While there has been growing recognition of social connection as an essential ingredient in successful online learning over the past decade, the pandemic has fast tracked insights into online learners’ experiences and expectations. Students possess significant insight into as well as a keen desire for high quality online education. There is also consensus that, with each course that they subscribe to, students would generally welcome increased diversity in the learning resources available to them. 

The time has come for competing providers to unite in order to provide socially connected education that reaches the next level of quality standards. The FOME Alliance is a group of institutions which is doing just. Member institutions of the FOME Alliance have long and rich traditions in online learning. Together, they are continually developing strategies which build pioneering research insights such as those gained over the past year.


  • Andrade, M. S., Miller, R. M., Kunz, M. B., & Ratliff, J. M. (2020). Online learning in schools of business: The impact of quality assurance measures. Journal of Education for Business95(1), 37–44. https://doi.org/10.1080/08832323.2019.1596871
  • Caskurlu, S., Richardson, J. C., Maeda, Y., & Kozan, K. (2021). The qualitative evidence behind the factors impacting online learning experiences as informed by the community of inquiry framework: A thematic synthesis. Computers & Education165, 104111. https://doi.org/10.1016/j.compedu.2020.104111
  • Greenhow, C., & Galvin, S. (2020). Teaching with social media: Evidence-based strategies for making remote higher education less remote. Information and Learning Scienceshttps://doi.org/10.1108/ILS-04-2020-0138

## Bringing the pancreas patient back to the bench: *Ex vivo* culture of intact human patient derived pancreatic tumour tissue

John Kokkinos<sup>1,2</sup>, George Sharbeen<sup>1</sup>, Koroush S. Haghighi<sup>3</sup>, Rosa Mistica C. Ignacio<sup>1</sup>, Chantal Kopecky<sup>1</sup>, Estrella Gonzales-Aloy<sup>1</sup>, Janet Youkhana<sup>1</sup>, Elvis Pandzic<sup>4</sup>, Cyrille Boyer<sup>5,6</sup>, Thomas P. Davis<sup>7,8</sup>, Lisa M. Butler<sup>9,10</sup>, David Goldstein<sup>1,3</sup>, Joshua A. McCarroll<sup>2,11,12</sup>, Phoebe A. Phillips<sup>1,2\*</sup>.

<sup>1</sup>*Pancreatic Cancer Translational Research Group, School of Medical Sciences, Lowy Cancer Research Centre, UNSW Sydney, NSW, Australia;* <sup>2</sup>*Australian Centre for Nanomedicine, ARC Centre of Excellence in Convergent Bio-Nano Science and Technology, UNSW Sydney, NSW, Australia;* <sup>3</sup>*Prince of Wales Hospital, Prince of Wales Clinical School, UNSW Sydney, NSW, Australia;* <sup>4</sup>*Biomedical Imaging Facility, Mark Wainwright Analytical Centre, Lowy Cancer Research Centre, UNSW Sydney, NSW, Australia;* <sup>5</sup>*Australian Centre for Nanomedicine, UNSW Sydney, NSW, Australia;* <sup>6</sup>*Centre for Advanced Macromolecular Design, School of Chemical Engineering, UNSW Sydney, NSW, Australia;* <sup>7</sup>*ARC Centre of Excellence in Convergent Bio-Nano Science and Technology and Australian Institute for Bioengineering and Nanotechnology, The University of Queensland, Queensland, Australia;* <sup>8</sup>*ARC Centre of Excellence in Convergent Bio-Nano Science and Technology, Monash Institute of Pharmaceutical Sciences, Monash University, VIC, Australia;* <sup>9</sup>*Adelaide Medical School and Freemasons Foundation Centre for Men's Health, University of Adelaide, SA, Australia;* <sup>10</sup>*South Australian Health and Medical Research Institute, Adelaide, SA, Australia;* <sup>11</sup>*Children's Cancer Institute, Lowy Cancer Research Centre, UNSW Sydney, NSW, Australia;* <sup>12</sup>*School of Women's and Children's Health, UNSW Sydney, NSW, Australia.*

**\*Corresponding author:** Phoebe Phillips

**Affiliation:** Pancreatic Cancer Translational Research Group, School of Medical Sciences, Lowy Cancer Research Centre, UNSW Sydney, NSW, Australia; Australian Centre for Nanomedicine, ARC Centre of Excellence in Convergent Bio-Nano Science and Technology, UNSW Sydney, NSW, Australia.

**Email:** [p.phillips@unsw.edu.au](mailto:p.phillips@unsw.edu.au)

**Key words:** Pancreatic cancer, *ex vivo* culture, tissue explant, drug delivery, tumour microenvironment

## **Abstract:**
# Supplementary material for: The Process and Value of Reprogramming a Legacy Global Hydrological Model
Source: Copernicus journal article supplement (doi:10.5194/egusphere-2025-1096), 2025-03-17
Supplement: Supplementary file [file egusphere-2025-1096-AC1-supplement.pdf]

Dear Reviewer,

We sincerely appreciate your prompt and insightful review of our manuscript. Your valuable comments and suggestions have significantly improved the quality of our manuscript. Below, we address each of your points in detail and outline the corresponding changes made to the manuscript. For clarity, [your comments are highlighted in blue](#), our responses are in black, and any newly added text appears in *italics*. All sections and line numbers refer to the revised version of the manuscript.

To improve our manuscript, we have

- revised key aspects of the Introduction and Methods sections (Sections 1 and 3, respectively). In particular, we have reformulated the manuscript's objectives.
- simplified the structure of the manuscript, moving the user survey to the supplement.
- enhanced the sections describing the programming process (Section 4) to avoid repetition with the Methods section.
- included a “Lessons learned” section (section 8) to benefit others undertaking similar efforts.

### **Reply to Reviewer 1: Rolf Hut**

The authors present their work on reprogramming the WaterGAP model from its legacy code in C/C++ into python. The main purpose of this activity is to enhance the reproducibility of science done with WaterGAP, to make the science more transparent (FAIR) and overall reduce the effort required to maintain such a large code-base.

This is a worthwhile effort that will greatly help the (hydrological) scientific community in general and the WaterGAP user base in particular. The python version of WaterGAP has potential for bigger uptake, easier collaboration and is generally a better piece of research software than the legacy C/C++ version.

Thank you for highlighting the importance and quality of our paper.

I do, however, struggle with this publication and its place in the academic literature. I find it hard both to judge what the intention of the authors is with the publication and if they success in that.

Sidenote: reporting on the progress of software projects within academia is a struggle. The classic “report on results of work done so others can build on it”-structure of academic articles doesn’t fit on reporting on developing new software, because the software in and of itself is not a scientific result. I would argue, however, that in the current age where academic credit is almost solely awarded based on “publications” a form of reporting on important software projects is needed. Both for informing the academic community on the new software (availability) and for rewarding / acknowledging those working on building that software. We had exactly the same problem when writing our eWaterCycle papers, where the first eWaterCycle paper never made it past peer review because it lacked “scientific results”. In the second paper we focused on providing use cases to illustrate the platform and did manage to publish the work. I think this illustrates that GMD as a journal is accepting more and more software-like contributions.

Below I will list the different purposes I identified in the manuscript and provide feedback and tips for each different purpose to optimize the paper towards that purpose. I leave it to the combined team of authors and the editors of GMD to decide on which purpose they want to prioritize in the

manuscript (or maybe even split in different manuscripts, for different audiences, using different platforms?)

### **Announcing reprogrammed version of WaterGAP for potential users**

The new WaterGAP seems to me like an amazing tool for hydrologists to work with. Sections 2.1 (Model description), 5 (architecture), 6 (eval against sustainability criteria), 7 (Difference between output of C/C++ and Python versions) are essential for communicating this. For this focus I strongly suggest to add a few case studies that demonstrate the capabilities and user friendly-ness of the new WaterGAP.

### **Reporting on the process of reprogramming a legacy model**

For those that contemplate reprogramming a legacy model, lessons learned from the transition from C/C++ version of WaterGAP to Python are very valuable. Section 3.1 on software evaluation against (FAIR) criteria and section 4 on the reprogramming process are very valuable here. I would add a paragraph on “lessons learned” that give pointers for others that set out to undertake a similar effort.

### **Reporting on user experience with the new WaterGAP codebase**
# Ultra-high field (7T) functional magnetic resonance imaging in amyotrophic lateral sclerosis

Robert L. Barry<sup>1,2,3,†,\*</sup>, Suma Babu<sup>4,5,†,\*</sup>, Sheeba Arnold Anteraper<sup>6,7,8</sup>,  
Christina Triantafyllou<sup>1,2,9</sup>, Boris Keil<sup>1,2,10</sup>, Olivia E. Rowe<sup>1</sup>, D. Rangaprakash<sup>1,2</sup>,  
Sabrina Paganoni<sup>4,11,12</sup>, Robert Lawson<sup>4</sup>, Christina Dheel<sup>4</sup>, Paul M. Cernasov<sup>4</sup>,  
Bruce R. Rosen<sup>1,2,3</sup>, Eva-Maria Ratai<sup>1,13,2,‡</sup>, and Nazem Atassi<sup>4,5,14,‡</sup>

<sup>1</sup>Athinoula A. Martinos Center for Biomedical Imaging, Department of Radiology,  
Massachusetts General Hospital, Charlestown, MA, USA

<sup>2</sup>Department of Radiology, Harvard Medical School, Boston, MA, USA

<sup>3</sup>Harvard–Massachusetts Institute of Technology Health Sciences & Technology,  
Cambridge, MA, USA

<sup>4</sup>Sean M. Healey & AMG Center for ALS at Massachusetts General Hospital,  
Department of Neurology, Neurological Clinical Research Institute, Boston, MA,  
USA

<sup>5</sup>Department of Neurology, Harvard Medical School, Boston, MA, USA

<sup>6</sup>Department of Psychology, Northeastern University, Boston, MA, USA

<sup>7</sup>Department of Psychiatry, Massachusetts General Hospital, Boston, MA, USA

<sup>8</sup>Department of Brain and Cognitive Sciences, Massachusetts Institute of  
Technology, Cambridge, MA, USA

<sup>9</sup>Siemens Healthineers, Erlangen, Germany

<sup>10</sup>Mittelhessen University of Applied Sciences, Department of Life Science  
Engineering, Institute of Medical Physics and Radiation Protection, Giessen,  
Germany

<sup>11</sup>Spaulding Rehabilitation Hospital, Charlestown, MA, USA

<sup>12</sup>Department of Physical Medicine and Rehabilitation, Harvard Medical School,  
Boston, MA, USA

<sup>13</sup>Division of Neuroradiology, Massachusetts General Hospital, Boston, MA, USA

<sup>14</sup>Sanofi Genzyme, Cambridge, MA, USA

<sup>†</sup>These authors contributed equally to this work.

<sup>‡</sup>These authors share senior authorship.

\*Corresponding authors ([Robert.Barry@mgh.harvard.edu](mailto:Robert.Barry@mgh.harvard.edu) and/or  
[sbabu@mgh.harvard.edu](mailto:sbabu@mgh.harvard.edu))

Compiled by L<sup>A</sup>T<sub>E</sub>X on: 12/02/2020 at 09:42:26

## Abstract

• Hamdan, K. M., Al-Bashaireh, A. M., Zahran, Z., Al-Daghestani, A., Samira, A.-H., & Shaheen, A. M. (2021). University students’ interaction, Internet self-efficacy, self-regulation and satisfaction with online education during pandemic crises of COVID-19 (SARS-CoV-2). International Journal of Educational Managementhttps://doi.org/10.1108/IJEM-11-2020-0513
  • Landrum, B., Bannister, J., Garza, G., & Rhame, S. (2020). A class of one: Students’ satisfaction with online learning. Journal of Education for Business, 1–7. https://doi.org/10.1080/08832323.2020.1757592
  • Manwaring, K. C., Larsen, R., Graham, C. R., Henrie, C. R., & Halverson, L. R. (2017). Investigating student engagement in blended learning settings using experience sampling and structural equation modeling. The Internet and Higher Education35, 21–33. https://doi.org/10.1016/j.iheduc.2017.06.002
  • Mishra, S. (2020). Social networks, social capital, social support and academic success in higher education: A systematic review with a special focus on ‘underrepresented’ students. Educational Research Review29, 100307. https://doi.org/10.1016/j.edurev.2019.100307
  • Shearer, R. L., Aldemir, T., Hitchcock, J., Resig, J., Driver, J., & Kohler, M. (2020). What students want: A vision of a future online learning experience grounded in distance education theory. American Journal of Distance Education34(1), 36–52. https://doi.org/10.1080/08923647.2019.1706019
  • Van Wart, M., Ni, A., Medina, P., Canelon, J., Kordrostami, M., Zhang, J., & Liu, Y. (2020). Integrating students’ perspectives about online learning: A hierarchy of factors. International Journal of Educational Technology in Higher Education17(1), 1–22. https://doi.org/10.1186/s41239-020-00229-8
  • Vermunt, J. D., & Donche, V. (2017). A learning patterns perspective on student learning in higher education: State of the art and moving forward. Educational Psychology Review29(2), 269–299. https://doi.org/10.1007/s10648-017-9414-6
Dr Nora McIntyre

About the author

Nora is an educational psychologist with expertise in Edtech, learner experience, and relational dynamics in education among other areas. She holds a PhD in educational psychology and recently joined Insendi following three postdoctoral positions in the Universities of Sheffield, York and Cambridge (UK).